I believe I have been a member of the so-called, "Sandwich
Generation" long enough now to declare it the Worst. Euphemism. Ever.
for aging parents and young children simultaneously is more like being placed
on the medieval torture device known as, "The Rack."
You, your family and your life are slowly, painfully pulled
You go from a care plan meeting for your aging parent to the
pick-up line at your child's elementary school. From dropping your daughter off
at Kindergarten to the hospital. You can't remember if you put on deodorant.
Paid the cable bill. Turned on the Crockpot.
You say good morning and goodnight to your child via
Facetime from your parent's home, the hospital, a hospice facility. Your spouse
texts you to say how empty the house feels without you.
When you are with one loved one, you are constantly thinking
about how you are failing to meet the needs of another. When you crawl into bed
late at night, you remember all the things you forgot to do and mentally kick
You think of everyone you could possibly ask for some type
of help, and feel guilty for having to reach out. But you are desperate,
because you can't get everything done that needs to be done, no matter how hard
You reach levels of emotional, mental and physical
exhaustion you never thought possible. My postpartum hormones had nothing on
the roller coaster ride I am on these days.
You are being pulled in too many directions at the same time, all the time.
When your spouse is dealing with these issues at the same
time? You live in one very stressed-out household. And most days, you are not
the parent you want to be. The daughter you believe you should be. Or the wife
you wish you could be.
If you know someone in this situation, here is a short list of do's and don'ts, if you're goal is to be kind, sensitive and helpful.
1. Instead of saying,
"Be sure to take time for you..."
When people say this to me, I laugh maniacally. While I know they mean well, and there is, in fact, merit to this statement, the
idea of taking time for me is nothing more than a pipe dream. The reality is I
can't find enough time to do everything that needs to be done for others. I am
constantly operating in survival mode and hanging on for dear life. Self-care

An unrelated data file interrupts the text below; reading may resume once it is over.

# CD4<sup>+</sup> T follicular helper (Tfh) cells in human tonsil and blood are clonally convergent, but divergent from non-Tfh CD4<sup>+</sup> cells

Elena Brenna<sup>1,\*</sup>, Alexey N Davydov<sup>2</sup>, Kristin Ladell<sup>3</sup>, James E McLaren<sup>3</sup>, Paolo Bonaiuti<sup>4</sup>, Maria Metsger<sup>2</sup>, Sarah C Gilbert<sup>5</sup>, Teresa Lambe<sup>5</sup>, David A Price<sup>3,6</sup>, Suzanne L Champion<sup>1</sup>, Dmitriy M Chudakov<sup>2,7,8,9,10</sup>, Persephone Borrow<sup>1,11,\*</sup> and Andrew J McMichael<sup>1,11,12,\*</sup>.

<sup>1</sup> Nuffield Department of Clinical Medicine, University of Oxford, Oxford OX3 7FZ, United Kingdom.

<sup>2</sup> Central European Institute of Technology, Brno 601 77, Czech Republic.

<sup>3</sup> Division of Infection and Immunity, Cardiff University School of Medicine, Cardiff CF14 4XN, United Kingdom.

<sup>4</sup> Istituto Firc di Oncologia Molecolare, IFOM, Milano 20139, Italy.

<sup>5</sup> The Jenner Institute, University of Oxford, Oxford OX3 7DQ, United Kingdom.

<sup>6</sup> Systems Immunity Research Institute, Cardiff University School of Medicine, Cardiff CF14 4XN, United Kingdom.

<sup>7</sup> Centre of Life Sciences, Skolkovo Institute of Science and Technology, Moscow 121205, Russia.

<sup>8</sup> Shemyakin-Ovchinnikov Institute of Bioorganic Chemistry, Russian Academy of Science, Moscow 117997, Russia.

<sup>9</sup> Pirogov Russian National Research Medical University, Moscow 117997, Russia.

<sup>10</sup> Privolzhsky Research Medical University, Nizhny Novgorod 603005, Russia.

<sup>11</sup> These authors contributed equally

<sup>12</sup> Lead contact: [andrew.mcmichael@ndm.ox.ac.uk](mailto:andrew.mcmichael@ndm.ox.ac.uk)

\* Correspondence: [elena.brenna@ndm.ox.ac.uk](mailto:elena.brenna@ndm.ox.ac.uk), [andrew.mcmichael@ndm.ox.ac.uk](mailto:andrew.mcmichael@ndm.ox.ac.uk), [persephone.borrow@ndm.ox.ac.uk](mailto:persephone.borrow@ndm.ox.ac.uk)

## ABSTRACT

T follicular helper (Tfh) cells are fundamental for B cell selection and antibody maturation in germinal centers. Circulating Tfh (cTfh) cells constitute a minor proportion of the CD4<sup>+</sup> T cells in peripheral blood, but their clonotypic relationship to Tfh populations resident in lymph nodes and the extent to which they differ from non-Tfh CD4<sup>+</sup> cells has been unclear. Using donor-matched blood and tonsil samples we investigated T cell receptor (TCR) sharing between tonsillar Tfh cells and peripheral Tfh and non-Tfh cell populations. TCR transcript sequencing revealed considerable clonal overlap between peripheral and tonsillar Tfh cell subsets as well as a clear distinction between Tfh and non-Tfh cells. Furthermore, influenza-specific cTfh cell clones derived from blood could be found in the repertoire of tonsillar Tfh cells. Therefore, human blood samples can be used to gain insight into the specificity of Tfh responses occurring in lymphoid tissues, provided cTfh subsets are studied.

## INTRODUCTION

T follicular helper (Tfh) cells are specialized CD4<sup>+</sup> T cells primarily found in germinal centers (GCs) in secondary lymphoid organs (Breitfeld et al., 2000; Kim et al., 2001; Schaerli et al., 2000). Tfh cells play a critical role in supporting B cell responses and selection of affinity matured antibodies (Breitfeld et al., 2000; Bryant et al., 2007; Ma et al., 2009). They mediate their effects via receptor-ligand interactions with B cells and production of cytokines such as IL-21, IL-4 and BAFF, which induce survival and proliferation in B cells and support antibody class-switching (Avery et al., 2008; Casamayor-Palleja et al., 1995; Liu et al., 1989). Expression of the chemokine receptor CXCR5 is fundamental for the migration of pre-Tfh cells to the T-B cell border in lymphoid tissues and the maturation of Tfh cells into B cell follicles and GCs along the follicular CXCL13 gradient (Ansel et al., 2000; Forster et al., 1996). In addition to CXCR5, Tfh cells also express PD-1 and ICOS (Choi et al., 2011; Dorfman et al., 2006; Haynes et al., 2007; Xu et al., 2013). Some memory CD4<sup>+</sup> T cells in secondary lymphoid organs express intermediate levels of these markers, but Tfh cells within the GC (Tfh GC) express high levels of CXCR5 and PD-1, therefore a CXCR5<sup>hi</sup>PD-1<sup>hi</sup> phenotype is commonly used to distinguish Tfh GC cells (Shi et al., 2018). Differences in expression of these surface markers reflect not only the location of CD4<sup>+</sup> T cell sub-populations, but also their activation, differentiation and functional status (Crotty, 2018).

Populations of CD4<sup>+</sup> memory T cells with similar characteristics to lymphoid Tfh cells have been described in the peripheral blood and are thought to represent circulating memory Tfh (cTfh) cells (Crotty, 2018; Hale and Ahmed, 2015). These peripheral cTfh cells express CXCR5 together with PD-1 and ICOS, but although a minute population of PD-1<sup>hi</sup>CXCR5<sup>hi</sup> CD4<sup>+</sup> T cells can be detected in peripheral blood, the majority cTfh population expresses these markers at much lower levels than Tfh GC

is not on the To-Do list, as much as I'd love for it to be.
... ask, "How can I
There are many ways to offer assistance: child and/or pet
care; house cleaning; laundry; meals; shopping; transportation. Count on the
fact the person stuck in the middle needs something. And may not know how to
ask for it or be comfortable doing so. So make it easy. Step forward. Let your
friend know specifically when and how you can be available to help. Make sure she
has all your contact information. Ask more than once. Check in periodically,
because the situation and needs will change over time.
2. Instead of saying,
"That which does not kill us makes us stronger..."
No one needs or wants to hear this platitude. Ever. I will
confess, I am guilty of having uttered it to others in the past. And now I feel I need to apologize to
each person who had to hear me say it. Profusely. Because it is neither helpful nor reassuring, regardless
... offer a hug
Or a listening ear. A shoulder to cry on. A certificate for
a pedicure or massage to use after the crisis is over. Say, "I'm here for you."
"You're doing an amazing job." Send a card. Have flowers and food delivered. If
your friend's loved one is dealing with a specific health condition or disease, and
there is a related charity she cares deeply about, make a donation.
You can't help your friend down from The Rack. But there are plenty of ways to ease the pressure.
3. Instead of declaring,
"This too shall pass…"
Of course it will. When the parent dies. Which is something your
friend dreads and, when
things get really bad, wishes for. It's a strange, uncomfortable place to
be. You desperately want the crisis to pass, recognize it will, but also know there
will be an entirely new set of emotions and responsibilities involved.
You already know how to do that, and it doesn't take any
extra time or effort. Just do what you always do and be there for your friend
in the ways that have been meaningful in the past. Your friend may want to talk
about everything that is going on, or could prefer to forget about it for a
little while and simply visit. Follow her lead. Many times, she just wants to
feel normal, even if it's only for a few minutes.
You can't help your friend down from The Rack. But there are
plenty of ways to ease the pressure. And they will all be appreciated.